Youngstown State University (YSU) is planning an on-campus institute to educate professionals and provide research for the Utica and Marcellus shale industry in Ohio and Pennsylvania, university officials said.
YSU also plans to establish an academic minor in natural gas and water resources, according to Martin Abraham, dean of the YSU College of Science, Technology, Engineering and Mathematics.
“Given YSU’s location in the heart of the Utica shale region, this new institute is well poised to meet the educational and research demands and needs central to this new and growing industry,” Abraham said at the Youngstown Ohio Utica and Natural Gas (YOUNG) conference in Youngstown, OH. “Establishing YSU’s presence in this fast changing field is a critical necessity if we are to have a role in educating the future workforce to support this economic growth opportunity.”
Industry leaders have said that Utica Shale wells could revive Ohio’s manufacturing sector (see Shale Daily, Sept. 28). Drilling alone would be a major employment engine, according to Chesapeake Energy Corp. CEO Aubrey McClendon, who called the Utica the “biggest thing economically to hit Ohio, since maybe the plow” (see Shale Daily, Sept. 22), and the Ohio Oil & Gas Energy Education Program recently estimated that the Utica could create more than 200,000 jobs in the state by 2015 (see Shale Daily, Sept. 23).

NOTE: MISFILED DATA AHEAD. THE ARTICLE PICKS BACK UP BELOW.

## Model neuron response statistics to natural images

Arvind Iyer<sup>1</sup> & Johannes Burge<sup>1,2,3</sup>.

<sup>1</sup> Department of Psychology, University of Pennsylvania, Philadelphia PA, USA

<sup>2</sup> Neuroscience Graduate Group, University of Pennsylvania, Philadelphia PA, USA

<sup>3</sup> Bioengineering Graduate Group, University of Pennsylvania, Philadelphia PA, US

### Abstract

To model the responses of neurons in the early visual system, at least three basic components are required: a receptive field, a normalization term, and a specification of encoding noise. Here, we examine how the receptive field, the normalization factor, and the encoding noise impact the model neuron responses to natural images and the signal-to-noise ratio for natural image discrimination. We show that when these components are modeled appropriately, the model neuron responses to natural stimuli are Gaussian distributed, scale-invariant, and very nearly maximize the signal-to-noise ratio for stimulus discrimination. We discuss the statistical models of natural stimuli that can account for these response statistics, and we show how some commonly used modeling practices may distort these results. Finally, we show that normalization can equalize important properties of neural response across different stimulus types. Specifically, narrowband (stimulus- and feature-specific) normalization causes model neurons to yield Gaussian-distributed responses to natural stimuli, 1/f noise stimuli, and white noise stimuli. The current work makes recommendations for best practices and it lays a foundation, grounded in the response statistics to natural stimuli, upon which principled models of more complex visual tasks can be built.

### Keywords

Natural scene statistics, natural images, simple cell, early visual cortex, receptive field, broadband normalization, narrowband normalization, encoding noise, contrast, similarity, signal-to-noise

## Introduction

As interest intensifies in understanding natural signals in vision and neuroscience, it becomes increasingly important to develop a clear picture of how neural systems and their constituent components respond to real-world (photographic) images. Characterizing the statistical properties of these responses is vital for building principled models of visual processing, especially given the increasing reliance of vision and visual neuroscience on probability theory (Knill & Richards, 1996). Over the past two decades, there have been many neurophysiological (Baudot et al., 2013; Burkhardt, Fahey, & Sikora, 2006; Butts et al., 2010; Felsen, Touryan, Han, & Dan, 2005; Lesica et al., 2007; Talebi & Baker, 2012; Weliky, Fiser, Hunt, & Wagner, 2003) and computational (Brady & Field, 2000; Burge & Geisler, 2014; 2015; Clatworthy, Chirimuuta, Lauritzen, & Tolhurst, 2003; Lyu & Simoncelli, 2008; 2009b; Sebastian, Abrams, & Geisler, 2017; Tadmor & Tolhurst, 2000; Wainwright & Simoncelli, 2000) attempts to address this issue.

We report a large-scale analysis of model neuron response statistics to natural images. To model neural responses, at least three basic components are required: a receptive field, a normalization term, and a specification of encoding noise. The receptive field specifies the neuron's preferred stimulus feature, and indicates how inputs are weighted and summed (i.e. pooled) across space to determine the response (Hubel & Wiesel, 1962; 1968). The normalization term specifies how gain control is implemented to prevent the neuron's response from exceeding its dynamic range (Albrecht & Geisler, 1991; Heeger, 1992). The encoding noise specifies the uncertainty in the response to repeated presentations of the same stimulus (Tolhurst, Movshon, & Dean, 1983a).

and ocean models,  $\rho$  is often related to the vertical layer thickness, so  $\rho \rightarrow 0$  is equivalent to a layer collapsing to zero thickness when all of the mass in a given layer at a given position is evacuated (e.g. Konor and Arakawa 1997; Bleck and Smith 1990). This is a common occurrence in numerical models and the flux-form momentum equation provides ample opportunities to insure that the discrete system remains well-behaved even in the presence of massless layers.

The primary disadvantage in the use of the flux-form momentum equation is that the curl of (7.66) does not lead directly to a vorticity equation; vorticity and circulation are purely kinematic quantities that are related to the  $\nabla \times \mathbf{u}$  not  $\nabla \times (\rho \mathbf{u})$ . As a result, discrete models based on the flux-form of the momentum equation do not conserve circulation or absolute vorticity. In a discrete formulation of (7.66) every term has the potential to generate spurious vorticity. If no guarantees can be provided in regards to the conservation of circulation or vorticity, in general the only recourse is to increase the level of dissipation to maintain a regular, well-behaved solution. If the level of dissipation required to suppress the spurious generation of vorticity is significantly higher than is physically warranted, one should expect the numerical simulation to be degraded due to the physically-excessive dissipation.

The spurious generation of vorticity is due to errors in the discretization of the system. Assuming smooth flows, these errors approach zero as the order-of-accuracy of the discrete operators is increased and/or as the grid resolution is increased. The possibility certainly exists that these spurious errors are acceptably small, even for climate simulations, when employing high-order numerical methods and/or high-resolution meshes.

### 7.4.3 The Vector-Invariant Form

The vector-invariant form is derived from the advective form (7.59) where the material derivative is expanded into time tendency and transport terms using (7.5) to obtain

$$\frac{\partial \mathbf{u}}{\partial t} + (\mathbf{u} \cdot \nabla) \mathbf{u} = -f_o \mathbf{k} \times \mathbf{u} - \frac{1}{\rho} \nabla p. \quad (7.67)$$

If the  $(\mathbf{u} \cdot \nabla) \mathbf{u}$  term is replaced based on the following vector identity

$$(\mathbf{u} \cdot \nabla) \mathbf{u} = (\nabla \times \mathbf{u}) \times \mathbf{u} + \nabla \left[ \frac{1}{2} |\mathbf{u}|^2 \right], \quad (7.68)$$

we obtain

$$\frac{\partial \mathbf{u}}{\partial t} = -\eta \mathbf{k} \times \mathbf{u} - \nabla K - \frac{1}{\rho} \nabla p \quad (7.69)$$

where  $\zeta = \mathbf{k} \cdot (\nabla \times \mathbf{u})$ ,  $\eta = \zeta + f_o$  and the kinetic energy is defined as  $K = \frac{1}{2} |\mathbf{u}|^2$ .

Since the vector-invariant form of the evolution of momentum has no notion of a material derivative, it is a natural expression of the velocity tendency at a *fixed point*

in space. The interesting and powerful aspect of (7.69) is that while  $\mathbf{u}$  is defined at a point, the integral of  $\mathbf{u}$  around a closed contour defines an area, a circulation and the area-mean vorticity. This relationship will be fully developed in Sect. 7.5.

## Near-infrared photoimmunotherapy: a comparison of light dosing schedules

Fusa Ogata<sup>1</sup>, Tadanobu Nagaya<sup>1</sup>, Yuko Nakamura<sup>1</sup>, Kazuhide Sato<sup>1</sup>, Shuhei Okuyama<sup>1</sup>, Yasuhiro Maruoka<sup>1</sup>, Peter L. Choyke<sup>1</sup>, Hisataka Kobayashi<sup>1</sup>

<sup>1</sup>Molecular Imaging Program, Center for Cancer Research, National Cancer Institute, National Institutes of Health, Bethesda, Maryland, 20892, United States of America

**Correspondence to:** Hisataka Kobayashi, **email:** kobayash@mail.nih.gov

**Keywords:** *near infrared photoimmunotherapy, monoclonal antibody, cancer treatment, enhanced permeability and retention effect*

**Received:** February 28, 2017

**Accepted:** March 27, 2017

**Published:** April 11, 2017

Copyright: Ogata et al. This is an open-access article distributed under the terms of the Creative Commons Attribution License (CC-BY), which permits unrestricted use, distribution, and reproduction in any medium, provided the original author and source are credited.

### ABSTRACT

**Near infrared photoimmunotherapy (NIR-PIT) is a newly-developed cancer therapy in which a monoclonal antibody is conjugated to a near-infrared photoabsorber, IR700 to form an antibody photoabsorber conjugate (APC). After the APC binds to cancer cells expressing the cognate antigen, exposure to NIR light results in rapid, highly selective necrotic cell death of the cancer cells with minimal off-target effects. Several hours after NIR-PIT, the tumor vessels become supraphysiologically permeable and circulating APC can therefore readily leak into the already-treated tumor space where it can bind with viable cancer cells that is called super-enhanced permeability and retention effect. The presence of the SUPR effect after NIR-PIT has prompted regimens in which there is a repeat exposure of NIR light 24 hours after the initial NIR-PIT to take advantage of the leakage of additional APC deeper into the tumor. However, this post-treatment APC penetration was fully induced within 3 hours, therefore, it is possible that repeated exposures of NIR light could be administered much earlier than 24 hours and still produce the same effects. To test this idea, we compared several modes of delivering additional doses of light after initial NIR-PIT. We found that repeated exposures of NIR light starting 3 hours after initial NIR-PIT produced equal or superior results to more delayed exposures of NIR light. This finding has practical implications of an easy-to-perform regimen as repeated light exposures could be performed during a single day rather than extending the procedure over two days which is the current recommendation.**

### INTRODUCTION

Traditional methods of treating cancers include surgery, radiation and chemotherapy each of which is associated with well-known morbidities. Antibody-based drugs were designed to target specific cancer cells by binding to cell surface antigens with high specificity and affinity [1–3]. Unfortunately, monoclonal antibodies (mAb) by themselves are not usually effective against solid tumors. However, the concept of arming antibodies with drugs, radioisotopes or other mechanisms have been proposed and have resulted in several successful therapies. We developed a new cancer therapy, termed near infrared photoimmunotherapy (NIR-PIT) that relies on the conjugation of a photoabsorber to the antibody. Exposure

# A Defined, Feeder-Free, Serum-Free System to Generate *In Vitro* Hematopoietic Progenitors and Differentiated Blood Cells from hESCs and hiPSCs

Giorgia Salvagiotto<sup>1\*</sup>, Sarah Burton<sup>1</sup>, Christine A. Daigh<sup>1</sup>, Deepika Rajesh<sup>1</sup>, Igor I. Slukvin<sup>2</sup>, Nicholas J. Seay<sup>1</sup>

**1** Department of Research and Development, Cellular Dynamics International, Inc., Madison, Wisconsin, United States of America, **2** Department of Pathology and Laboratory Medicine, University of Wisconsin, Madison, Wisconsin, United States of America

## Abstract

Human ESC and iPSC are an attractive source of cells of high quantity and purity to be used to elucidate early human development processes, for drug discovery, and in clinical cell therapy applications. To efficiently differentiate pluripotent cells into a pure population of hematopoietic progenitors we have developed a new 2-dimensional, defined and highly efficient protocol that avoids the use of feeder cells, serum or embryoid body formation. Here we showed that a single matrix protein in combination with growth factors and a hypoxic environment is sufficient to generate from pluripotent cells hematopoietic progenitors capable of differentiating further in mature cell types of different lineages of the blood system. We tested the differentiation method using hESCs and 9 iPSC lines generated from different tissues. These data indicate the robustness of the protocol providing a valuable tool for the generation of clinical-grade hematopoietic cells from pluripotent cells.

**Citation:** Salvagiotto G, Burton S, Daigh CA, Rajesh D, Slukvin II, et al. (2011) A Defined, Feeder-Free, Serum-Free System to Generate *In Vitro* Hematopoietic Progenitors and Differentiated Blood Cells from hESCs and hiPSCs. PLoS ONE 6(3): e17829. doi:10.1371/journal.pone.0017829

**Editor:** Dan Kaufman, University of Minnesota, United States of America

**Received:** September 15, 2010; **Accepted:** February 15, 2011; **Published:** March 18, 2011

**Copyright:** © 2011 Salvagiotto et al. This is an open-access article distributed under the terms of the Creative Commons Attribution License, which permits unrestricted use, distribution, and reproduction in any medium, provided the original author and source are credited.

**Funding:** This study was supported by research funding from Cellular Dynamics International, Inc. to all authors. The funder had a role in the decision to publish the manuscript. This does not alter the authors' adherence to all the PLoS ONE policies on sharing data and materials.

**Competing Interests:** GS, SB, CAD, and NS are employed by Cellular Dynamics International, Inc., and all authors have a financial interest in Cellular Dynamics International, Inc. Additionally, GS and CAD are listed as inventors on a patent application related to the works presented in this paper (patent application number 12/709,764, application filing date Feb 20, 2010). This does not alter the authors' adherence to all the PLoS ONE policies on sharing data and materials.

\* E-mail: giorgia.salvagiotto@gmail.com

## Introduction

The YSU Natural Gas and Water Resources Institute will provide bachelor’s degree-level courses in science and engineering that would lead to an academic minor in gas technologies and also would provide research opportunities for industry focusing on analysis of water used in the shale gas extraction process.
The concept of the new institute will be presented to the YSU board of trustees Dec. 14, according to Abraham, who said he hopes to establish an external advisory board to identify specific research targets for the institute and complete the development of the minor by next fall. The first students in the minor in natural gas and water resources could graduate as early as May 2013, he said.
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